Feb 6, 2022

Request vs Boundary in Relationships

We’ve all been there.

Feelings of disappointment and hurt when someone we care about does or says something that upsets us. That act of pain that evokes our deepest hurt. We all know some form of these experiences in hurt, the ones that make future intimacy hard.

Intimate relationships are often burdened by our past. How we have learned to relate to each other comes from past experiences in intimate relationships. A relationship with yourself, your partner, your parent, and any relationship all require boundaries. Something our parents could have modeled to us, but likely did not, maybe because their parents never did. If you’re like this writer you got a broad set of expectations versus demands through some loose unspoken law of “do as I say not as I do”.

Hard truth is many of us were not sent into the world with clear ideas and words through which to set boundaries in our intimate relationships. Many of us are fumbling our way through old patterns of ‘polite’ requests and ‘rude’ demands. We are immensely hurt when our expectations of others especially how our intimate partners should treat us, fall short. We are left with rupture and pain when they fail to meet our needs.

Is this happening over and over again in your intimate relationships? Ponder for a moment, are you making requests or setting boundaries?Karen Anderson writes about the topic of request v. boundary v. demand in the context of relationship dynamics between mothers and daughters (1). She pulls this idea from Samy Dylan Finch who writes on this idea from the context of unlearning their ‘fawn’ response (2).

For many years I made statements such as “please don’t do that”, “can you stop?”, “this really bothers me” or [insert your most common response to hurt feelings here]. Often times people expect their partners to attune to their needs, without having truly expressed that what they need in their relationship is a boundary. In the context of a relationship, this can cause a lot of miscommunication and undue suffering. Often times we think we are setting boundaries with our partners when in reality we are just making requests.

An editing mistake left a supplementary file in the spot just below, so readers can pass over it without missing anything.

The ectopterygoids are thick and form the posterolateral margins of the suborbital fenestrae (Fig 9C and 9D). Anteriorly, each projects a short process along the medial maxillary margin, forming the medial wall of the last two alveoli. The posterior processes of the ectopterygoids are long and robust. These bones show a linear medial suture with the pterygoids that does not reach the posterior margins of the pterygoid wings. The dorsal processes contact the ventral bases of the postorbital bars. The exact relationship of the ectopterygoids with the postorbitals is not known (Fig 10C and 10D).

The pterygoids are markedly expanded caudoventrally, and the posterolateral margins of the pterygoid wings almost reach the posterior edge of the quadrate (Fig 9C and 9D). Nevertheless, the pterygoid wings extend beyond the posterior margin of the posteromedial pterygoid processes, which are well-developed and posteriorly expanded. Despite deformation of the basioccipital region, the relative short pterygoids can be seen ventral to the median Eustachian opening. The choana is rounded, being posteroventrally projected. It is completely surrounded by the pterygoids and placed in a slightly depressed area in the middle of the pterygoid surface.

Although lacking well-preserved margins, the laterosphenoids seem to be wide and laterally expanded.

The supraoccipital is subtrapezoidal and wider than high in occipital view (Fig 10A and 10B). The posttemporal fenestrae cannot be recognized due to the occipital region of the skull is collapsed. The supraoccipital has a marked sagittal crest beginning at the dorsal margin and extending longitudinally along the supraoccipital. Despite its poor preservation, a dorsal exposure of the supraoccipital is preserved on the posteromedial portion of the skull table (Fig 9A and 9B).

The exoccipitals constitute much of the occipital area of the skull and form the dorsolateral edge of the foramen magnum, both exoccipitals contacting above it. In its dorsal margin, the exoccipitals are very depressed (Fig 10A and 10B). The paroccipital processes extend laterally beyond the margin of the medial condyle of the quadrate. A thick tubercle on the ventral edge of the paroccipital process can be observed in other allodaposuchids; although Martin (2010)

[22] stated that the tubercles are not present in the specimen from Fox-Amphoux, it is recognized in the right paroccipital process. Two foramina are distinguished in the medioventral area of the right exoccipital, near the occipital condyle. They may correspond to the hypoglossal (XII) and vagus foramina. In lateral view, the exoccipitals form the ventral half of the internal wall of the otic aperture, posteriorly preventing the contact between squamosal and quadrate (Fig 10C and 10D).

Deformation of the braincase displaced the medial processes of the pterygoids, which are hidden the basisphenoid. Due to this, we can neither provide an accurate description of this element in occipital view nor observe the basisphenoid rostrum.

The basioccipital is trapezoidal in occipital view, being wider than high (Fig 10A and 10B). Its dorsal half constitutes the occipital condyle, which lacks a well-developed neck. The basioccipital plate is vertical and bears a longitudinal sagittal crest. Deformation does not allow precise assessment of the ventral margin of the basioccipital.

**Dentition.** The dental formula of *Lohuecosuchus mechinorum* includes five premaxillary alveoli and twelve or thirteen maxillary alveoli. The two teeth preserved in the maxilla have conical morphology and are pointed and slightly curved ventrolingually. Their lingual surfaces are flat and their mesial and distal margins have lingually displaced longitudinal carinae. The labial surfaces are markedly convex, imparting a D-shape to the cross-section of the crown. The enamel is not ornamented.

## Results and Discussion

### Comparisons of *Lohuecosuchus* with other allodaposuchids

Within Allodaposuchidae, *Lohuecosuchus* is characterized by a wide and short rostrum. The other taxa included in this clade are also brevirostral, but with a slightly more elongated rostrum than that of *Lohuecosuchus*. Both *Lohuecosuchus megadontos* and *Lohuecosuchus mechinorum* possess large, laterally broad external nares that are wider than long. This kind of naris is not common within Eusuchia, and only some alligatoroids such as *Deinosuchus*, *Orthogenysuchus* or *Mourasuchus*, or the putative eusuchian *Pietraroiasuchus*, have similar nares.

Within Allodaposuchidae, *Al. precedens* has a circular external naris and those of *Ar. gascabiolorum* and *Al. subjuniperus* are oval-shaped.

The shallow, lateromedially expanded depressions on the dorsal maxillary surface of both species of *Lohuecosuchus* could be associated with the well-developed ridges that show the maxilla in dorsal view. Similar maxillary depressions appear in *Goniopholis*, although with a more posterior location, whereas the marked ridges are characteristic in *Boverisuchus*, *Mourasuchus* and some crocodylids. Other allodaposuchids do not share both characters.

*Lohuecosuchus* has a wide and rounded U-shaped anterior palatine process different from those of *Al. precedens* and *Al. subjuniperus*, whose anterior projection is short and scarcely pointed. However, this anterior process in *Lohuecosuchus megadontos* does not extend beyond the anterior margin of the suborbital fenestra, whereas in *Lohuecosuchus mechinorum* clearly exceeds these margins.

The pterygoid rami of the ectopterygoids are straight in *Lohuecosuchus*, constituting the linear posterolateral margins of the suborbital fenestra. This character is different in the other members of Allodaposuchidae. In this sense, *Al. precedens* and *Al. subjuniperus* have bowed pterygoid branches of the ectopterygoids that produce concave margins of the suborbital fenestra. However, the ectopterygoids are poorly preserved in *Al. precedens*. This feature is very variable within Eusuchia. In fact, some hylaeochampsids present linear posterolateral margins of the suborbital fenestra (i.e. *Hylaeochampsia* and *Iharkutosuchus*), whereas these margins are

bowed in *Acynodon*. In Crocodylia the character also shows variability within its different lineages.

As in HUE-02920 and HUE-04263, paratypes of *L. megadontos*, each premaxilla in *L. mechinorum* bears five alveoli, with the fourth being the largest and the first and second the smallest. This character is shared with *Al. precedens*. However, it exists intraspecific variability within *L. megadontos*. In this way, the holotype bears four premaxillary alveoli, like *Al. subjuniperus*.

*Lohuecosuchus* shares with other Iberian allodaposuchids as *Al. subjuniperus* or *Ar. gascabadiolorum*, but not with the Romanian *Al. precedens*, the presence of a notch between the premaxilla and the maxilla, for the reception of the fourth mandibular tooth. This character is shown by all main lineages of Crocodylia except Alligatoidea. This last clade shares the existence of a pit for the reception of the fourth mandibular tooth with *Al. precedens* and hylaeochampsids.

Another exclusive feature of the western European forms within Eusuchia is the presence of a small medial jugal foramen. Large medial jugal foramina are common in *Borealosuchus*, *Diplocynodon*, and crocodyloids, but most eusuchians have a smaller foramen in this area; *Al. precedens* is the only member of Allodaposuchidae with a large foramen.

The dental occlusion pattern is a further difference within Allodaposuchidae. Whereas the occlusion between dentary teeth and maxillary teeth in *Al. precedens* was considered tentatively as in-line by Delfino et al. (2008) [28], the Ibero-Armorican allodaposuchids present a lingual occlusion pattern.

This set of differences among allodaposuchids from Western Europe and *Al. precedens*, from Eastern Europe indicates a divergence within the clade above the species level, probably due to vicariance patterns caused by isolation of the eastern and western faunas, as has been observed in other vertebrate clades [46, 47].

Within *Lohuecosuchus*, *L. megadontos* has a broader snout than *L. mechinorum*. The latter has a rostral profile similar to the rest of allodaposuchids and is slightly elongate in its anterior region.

A request is the act of asking politely or formally for something.
Example: “I hate when you drink so much, can you please not?” Or “Please don’t talk to me like that.”
Whereas a boundary is a statement or something that marks the limits of and area (in this case you) with a dividing line.
Example: “If you choose to drink/get drunk, I will remove myself from the
situation.” Or “If you choose to yell at me or raise your voice, I will no longer engage you in this conversation.”

In other words, a boundary is something that you express in order to avoid coming to that dividing line between you and your partner. While it is completely up to you to hold that boundary in place, if you have never expressed a boundary, how does your partner know when they have crossed it? The obvious conversations about your relationship need to be had, the things of relationship substance that are personal to you and your partner. Once you have clearly and assertively articulated
your boundaries, the next piece is for you. You get to decide whether your boundary has been crossed, and you get to decide your actions going forward.

Now expressing boundaries may be tricky because of many factors including (but not limited to) who we are, how we were raised, and what trauma we have experienced in our lives. What we need changes over time. We are not statue beings who stay the same and thus our boundaries will change and evolve as we learn to let go of old patterns and learn new things about ourselves.Unfortunately, we don’t get to decide how and if our intimate partners uphold and respect our boundaries. Even more unfortunate is many of us may run in to people who blatantly disrespect our boundaries. They may have spilled out most intimate details on to the internet with seemingly no repercussions at all.

In cases like this Loti is here to help you figure out what to do next. If you are wanting to reclaim your non-consensual pornographic images Loti has your back! Read our blog on how to reclaim these images or contact us and let us help you!

1. https://kclanderson.com/boundary-request-demand/
2. https://letsqueerthingsup.com/2020/02/02/unlearning-fawn-response/